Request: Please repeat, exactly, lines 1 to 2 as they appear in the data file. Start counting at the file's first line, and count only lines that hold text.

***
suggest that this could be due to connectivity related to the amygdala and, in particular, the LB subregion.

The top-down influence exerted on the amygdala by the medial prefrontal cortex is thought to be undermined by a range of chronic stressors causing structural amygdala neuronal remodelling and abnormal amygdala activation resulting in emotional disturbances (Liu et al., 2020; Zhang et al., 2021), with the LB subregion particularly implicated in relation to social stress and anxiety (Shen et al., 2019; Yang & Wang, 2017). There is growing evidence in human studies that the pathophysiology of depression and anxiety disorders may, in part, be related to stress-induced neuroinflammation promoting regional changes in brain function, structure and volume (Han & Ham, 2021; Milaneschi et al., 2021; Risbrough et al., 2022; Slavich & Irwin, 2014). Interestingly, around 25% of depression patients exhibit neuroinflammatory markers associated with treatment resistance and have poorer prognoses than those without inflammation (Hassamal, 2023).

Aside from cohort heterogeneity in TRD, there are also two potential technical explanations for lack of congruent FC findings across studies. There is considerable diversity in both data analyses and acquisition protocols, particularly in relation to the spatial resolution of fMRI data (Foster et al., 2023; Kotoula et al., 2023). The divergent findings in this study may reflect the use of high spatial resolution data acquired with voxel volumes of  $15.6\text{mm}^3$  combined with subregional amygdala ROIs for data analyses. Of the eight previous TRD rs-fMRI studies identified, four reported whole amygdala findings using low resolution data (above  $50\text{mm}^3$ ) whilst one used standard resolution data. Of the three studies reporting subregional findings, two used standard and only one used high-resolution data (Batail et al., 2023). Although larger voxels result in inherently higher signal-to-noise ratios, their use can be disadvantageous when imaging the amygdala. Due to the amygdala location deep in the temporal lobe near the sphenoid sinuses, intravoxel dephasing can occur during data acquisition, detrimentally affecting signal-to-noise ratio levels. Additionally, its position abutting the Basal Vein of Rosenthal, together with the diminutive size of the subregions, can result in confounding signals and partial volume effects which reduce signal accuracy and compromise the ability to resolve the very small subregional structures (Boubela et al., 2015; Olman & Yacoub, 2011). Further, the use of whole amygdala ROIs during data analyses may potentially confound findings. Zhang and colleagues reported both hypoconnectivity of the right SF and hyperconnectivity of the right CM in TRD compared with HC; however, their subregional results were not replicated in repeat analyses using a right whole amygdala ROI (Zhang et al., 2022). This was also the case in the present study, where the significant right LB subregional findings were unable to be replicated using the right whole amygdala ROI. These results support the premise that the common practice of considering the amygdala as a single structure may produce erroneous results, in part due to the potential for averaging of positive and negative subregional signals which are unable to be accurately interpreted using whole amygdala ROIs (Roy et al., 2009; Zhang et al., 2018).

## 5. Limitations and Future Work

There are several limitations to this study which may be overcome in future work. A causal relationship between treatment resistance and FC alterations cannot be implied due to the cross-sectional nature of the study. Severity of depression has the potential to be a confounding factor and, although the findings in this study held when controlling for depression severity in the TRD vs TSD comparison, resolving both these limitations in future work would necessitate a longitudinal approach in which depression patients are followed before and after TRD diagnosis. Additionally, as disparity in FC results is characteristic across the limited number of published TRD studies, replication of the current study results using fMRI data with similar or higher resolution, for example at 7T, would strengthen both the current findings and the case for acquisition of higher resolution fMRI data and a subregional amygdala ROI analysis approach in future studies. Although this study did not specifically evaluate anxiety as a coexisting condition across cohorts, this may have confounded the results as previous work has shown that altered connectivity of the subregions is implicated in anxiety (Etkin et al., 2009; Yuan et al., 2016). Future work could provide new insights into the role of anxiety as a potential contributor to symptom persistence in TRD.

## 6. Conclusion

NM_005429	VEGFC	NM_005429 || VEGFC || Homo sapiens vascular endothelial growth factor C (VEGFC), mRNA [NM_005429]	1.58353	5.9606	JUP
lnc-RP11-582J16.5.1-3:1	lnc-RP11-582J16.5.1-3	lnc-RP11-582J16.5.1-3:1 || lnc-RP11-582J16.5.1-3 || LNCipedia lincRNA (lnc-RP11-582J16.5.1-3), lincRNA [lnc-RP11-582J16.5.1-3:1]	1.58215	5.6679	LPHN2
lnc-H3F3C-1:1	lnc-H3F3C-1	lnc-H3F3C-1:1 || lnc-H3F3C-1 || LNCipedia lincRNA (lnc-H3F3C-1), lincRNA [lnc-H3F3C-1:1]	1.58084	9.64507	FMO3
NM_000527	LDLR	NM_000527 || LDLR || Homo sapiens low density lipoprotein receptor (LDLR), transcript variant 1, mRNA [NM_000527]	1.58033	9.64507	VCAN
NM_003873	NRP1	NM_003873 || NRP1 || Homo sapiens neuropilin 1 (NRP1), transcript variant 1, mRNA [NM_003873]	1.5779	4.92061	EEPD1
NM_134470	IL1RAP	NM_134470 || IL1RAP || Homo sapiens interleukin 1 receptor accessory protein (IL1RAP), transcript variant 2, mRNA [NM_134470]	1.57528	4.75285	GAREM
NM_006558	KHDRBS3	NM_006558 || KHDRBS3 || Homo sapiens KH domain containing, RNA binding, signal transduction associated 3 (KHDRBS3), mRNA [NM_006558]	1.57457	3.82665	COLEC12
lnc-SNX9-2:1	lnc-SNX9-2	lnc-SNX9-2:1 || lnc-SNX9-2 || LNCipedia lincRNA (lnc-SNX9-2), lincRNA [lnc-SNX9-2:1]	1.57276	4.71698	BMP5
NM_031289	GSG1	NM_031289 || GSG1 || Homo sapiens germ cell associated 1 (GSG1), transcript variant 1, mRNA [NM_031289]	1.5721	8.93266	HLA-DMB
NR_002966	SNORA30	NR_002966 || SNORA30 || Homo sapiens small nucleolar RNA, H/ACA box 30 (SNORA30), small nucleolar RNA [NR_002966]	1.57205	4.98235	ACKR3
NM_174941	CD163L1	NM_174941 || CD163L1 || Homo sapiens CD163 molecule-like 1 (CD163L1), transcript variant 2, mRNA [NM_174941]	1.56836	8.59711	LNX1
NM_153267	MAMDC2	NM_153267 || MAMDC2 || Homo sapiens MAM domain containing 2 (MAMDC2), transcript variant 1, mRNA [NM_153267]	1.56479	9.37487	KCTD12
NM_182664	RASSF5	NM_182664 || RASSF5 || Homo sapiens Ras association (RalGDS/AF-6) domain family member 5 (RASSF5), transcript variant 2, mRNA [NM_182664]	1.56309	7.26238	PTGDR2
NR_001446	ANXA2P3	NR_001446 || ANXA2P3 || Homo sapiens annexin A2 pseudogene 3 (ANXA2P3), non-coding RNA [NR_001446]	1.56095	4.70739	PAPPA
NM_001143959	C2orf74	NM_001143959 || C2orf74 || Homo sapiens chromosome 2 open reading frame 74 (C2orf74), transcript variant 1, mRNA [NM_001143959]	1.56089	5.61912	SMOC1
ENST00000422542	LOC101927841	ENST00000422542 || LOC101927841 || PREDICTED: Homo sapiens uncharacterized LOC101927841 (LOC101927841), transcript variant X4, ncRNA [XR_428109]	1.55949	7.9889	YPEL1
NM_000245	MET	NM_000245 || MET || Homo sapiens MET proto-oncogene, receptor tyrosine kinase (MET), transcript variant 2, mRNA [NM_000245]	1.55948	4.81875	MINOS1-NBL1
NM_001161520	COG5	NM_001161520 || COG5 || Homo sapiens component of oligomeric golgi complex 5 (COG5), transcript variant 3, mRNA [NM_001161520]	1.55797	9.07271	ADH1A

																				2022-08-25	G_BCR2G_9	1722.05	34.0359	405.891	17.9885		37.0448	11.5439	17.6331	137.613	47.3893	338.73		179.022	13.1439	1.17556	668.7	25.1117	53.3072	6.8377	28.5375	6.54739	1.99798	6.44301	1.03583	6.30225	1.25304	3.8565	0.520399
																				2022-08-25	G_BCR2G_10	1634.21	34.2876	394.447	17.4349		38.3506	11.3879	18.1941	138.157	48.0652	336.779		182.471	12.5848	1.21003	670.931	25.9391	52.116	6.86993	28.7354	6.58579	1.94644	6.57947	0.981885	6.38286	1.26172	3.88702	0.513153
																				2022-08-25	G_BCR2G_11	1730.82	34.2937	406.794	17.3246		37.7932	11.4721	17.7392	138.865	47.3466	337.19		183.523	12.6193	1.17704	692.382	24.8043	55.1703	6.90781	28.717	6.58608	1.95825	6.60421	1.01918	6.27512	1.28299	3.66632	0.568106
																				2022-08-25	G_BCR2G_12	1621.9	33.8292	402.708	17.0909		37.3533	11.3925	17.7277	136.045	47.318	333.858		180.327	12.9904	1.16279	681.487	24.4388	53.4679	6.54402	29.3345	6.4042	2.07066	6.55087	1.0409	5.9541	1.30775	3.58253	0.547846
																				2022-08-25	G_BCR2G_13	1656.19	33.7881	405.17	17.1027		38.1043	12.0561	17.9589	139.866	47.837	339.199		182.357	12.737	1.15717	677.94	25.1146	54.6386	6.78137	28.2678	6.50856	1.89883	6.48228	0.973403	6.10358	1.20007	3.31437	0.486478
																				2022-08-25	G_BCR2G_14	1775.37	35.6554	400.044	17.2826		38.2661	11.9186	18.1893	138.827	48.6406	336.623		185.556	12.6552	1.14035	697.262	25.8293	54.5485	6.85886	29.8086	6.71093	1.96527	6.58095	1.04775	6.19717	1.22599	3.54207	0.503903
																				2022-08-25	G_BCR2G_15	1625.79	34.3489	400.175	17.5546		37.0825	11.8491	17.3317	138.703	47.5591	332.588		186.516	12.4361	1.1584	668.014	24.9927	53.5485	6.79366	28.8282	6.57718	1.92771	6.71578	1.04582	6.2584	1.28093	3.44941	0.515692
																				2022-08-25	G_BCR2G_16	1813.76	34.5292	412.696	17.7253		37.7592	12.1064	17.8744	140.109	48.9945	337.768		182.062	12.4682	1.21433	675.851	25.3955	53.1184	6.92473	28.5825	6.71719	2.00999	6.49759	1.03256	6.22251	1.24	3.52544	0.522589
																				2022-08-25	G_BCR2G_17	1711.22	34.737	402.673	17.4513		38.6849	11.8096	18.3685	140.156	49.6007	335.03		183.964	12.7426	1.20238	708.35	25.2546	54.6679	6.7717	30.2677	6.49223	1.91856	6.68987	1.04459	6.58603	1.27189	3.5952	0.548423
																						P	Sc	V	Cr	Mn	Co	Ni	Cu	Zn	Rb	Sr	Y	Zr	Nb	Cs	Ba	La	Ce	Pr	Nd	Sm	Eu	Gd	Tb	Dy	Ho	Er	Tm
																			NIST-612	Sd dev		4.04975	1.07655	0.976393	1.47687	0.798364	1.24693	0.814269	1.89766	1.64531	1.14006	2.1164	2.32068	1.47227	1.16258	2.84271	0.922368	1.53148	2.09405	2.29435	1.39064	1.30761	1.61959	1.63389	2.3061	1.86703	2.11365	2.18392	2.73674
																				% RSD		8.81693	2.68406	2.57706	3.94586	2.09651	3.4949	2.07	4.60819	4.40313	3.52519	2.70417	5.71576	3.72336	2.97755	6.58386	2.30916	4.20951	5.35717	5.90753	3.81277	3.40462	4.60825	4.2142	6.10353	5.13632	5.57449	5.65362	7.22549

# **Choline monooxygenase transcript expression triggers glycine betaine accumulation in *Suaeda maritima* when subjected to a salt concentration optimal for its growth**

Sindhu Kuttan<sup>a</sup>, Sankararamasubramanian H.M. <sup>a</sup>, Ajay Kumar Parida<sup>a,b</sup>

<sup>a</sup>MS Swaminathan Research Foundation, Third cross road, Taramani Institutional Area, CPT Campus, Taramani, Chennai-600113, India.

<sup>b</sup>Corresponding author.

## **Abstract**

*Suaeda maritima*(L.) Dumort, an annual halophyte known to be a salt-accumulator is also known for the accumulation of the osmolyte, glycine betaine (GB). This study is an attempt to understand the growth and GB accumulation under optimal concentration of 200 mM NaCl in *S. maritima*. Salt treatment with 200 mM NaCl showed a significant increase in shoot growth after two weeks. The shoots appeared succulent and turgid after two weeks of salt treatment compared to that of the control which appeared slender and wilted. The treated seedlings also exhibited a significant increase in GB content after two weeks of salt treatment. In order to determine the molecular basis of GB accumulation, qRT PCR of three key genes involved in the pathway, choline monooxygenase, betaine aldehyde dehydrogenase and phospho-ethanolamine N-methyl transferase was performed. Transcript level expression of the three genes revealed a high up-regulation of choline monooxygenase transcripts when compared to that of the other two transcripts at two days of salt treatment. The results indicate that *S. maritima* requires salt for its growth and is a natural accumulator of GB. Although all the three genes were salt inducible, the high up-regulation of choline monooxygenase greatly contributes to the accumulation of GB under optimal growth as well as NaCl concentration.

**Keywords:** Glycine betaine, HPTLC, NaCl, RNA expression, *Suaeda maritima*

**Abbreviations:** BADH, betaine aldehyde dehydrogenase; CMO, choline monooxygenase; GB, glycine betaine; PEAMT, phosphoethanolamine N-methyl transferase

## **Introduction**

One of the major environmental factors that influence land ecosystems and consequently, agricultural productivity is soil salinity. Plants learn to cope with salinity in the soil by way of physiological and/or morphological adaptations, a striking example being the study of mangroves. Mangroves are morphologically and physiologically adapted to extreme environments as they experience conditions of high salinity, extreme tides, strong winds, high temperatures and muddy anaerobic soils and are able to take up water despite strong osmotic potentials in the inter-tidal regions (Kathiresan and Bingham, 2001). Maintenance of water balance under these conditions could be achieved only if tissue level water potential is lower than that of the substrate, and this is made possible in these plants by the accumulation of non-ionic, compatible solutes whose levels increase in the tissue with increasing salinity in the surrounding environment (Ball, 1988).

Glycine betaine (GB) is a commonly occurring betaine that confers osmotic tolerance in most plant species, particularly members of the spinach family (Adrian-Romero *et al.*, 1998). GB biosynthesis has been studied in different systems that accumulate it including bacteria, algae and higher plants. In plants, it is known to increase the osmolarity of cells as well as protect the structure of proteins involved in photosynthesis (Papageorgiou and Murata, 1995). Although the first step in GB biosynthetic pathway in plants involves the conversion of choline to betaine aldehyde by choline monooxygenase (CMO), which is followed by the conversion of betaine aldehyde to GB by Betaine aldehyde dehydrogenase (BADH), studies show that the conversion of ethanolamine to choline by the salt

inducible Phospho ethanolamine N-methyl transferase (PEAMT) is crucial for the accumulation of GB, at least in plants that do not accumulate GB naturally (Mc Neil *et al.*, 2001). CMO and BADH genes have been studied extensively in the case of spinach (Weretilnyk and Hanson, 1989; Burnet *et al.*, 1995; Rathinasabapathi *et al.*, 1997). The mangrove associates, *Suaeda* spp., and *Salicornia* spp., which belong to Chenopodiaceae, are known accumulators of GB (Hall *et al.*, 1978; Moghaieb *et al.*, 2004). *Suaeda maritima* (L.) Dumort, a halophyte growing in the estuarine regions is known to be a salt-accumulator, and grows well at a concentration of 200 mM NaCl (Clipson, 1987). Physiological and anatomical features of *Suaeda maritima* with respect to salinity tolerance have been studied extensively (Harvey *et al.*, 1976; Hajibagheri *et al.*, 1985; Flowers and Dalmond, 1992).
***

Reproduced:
suggest that this could be due to connectivity related to the amygdala and, in particular, the LB subregion.

The top-down influence exerted on the amygdala by the medial prefrontal cortex is thought to be undermined by a range of chronic stressors causing structural amygdala neuronal remodelling and abnormal amygdala activation resulting in emotional disturbances (Liu et al., 2020; Zhang et al., 2021), with the LB subregion particularly implicated in relation to social stress and anxiety (Shen et al., 2019; Yang & Wang, 2017). There is growing evidence in human studies that the pathophysiology of depression and anxiety disorders may, in part, be related to stress-induced neuroinflammation promoting regional changes in brain function, structure and volume (Han & Ham, 2021; Milaneschi et al., 2021; Risbrough et al., 2022; Slavich & Irwin, 2014). Interestingly, around 25% of depression patients exhibit neuroinflammatory markers associated with treatment resistance and have poorer prognoses than those without inflammation (Hassamal, 2023).